Sweet & crispThese are Cherry Belles , and I have to say that I've never grown such beautiful radishes.

Double row of Swiss chardSwiss chard is doing well. It needs to be thinned and then mulched when it's a bit taller. I like a good thick mulch, so I have to be careful to not bury the little plants in it! I do also use newspaper and cardboard, though my supply of both of these is limited.

1st bean patchThese are bush beans. The seeds were a substitute. I originally ordered two types of beans for dried shelling: black turtle and white half runner bean. We love black turtles, but I was hoping to find another dried bean to like. I've experimented with them and know some we don't like (adzuki and kidney for example) and some are just blah, like pintos. The white half runner is a popular dual purpose (both fresh green and dried), southern variety which does well in our heat. I'm guessing Shumway was sold out and so substituted State Half Runner, a green bean type. I've already planned to plant Kentucky Wonders for that, from my saved seeds, but figured I'd give them a try anyway. I don't know if these are an open pollinated type, but should check, just in case we really like them.

I should get a good crop of paste tomatoesMy Roma tomatoes grown from seed are doing pretty well. First I was worried that I'd started them too late. Then I didn't think they would make, but they are looking good now. I admit that I did use a tablespoon of tomato fertilizer on each plant to give them a boost. Now that we have chickens and goats, (i.e. manure machines), we should be able to crank out more compost, which is my preferred fertilizer.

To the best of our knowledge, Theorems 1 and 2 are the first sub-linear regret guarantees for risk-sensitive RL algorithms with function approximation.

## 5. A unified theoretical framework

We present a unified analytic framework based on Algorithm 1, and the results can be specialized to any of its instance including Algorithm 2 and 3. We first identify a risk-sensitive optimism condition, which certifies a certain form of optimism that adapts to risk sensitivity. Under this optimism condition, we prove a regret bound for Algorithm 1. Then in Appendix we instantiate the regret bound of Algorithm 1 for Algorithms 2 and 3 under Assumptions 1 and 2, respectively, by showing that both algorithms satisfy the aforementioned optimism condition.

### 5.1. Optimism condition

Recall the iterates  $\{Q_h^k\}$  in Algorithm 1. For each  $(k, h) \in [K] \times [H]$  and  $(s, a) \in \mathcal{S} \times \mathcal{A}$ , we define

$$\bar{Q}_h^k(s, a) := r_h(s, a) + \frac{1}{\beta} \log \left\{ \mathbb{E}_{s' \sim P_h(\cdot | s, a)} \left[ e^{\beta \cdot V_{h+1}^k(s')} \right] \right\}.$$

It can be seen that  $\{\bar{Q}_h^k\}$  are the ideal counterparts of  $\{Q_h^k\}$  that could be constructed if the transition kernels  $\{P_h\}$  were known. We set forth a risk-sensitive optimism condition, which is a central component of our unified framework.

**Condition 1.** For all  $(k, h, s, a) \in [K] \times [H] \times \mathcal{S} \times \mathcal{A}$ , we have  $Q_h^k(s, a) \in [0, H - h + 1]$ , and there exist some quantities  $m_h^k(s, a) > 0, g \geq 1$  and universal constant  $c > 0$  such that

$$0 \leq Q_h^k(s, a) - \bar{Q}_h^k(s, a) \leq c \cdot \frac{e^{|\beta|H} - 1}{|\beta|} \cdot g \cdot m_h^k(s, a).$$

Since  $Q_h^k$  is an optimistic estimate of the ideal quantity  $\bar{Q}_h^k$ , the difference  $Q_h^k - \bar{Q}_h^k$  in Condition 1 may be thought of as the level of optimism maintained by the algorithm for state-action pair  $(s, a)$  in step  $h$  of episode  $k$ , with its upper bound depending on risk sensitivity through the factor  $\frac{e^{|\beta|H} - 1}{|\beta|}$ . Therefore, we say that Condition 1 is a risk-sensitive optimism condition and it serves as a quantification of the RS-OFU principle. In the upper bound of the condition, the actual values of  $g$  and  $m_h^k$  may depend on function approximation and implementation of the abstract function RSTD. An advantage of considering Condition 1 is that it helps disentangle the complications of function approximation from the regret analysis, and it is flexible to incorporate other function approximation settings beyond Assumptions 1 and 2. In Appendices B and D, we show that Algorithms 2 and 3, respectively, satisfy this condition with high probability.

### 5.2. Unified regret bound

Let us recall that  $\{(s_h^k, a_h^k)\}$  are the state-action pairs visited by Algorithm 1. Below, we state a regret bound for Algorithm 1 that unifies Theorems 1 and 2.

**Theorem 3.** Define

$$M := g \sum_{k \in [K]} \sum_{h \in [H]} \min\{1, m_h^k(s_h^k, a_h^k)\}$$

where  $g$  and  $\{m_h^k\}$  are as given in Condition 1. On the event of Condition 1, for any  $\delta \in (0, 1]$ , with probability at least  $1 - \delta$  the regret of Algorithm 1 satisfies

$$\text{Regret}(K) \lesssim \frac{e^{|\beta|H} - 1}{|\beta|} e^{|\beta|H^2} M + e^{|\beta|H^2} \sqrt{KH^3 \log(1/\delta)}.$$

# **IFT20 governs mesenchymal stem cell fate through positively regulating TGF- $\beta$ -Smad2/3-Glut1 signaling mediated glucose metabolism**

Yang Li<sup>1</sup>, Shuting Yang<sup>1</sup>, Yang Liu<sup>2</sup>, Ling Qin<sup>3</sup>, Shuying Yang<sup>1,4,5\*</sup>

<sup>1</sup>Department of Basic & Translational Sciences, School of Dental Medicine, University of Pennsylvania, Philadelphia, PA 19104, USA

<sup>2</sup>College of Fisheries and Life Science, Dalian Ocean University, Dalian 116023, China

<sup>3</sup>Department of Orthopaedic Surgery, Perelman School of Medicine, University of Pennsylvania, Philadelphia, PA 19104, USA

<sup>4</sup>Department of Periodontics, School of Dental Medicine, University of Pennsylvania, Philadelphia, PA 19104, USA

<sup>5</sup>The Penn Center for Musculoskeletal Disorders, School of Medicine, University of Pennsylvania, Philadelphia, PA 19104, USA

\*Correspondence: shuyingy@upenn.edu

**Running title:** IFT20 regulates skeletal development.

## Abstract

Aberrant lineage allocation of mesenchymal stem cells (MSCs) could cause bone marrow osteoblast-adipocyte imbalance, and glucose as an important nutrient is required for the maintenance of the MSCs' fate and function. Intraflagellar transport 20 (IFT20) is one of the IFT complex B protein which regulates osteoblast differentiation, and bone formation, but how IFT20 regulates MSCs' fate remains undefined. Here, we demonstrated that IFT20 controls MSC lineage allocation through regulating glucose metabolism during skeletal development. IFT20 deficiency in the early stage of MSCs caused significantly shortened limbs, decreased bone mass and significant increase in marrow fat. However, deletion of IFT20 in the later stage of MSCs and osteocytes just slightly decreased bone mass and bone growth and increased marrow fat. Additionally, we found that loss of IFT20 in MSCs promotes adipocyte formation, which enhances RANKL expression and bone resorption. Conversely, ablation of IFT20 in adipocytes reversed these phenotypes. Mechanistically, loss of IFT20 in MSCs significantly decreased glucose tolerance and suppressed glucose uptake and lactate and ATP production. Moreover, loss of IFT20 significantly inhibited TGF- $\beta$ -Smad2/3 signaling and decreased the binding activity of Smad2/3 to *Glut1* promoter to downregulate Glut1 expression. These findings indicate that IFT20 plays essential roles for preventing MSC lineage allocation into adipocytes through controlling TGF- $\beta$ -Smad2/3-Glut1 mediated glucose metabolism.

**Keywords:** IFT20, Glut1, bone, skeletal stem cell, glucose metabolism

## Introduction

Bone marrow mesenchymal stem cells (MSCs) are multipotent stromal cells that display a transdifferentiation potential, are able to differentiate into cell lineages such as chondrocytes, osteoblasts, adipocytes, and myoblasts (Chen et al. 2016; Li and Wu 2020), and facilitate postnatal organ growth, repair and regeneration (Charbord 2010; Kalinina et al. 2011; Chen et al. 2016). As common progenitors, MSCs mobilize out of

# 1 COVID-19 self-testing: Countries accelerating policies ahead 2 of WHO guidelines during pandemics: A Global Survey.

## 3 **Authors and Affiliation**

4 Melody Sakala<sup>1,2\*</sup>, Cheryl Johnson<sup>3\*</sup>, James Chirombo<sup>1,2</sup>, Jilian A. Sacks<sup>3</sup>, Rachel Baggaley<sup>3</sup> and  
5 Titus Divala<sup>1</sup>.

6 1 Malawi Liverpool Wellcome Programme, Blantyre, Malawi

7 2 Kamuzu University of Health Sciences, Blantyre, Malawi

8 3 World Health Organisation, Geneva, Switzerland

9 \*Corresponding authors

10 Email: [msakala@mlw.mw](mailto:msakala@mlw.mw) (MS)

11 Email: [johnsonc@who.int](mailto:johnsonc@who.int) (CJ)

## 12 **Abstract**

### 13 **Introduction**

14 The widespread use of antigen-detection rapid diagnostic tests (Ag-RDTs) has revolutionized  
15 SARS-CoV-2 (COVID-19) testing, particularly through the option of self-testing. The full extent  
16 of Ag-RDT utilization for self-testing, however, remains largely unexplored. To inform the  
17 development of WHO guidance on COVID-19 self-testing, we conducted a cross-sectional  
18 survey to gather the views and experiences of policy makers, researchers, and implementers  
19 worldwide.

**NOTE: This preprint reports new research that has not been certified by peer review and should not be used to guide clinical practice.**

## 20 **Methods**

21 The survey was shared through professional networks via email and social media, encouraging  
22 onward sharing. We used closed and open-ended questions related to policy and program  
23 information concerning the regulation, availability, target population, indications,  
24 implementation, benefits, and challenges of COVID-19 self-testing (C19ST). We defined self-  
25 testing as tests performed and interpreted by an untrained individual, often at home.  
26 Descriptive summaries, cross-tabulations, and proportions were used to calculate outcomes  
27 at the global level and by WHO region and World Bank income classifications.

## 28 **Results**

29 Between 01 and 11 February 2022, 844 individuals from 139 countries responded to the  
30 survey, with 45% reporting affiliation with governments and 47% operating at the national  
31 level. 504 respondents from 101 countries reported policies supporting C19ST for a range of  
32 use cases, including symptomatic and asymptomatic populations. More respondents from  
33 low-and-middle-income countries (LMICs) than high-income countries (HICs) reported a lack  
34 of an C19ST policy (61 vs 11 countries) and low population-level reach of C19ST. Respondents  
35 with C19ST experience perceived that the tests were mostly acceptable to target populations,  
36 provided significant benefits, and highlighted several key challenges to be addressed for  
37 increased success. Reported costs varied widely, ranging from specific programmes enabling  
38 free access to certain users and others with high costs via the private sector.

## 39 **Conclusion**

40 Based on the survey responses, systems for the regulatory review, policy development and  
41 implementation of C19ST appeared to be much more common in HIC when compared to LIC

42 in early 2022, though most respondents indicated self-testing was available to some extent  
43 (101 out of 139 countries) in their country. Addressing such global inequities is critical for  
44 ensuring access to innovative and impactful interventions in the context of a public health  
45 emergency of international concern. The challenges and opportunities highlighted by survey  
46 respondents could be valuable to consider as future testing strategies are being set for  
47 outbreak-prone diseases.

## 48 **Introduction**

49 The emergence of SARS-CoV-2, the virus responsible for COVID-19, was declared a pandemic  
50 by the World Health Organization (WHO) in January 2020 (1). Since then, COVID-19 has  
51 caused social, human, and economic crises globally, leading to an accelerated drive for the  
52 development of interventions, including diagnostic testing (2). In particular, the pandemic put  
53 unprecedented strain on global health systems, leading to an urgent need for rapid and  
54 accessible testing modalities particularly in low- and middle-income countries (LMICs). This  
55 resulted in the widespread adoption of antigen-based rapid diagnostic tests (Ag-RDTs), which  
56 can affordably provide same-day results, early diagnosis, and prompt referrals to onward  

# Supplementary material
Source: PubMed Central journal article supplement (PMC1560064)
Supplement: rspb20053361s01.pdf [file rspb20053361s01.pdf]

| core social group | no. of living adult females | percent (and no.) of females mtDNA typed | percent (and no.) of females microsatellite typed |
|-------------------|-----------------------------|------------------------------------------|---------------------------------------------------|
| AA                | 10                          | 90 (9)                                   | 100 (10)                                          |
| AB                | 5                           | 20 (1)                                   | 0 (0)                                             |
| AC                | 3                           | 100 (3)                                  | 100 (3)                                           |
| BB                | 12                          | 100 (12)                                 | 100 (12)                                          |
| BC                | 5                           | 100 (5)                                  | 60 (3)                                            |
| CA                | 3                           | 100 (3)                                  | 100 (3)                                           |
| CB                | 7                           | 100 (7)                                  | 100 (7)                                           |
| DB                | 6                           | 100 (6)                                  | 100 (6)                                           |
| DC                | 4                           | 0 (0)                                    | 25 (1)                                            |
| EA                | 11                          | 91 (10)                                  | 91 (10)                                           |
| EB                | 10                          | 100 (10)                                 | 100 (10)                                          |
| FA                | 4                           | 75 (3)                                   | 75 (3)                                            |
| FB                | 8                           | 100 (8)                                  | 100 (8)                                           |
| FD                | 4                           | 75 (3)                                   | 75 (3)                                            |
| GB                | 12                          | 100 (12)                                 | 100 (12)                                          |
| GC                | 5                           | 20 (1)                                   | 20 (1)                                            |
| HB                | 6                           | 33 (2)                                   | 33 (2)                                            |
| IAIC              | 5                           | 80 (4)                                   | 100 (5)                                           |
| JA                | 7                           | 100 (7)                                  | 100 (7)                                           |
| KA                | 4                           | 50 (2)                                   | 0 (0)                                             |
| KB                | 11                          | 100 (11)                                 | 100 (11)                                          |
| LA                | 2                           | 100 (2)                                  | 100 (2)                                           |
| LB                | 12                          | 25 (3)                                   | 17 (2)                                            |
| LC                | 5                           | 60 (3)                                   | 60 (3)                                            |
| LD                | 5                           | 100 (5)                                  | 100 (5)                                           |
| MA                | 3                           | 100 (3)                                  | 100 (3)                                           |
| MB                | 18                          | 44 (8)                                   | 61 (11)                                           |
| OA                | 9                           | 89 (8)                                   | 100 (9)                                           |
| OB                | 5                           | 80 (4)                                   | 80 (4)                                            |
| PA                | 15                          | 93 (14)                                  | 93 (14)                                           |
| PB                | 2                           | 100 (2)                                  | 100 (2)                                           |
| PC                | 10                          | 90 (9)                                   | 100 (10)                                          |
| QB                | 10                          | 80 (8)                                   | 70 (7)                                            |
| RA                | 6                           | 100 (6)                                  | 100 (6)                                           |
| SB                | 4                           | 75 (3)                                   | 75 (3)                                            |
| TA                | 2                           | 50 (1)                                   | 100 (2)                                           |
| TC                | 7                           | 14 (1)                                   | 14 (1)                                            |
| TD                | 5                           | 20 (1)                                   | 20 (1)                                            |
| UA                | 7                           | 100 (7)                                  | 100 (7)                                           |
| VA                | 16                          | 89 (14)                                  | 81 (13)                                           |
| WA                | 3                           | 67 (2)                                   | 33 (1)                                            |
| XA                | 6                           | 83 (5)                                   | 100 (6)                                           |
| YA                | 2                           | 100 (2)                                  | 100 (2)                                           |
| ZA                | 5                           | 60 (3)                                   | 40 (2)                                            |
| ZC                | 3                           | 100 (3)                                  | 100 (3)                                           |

I have some marigolds scattered between my tomatoes, which are just seedlings at this point.

One of my early started green pepper plantsFive of the six green peppers I started from seed survived.

Row of sweet potato slips Can you see the sweet potatoes amongst the weeds? Probably not. I have to say though, that weeding has been pretty easy, thanks to my new hoes. Eventually I plan to get it all mulched. The sweet potatoes are Porto Rico bush, which are supposed to do well in my part of the country. I could have made my own slips, from grocery store sweets, but really wanted this particular variety. Making my own will be next year.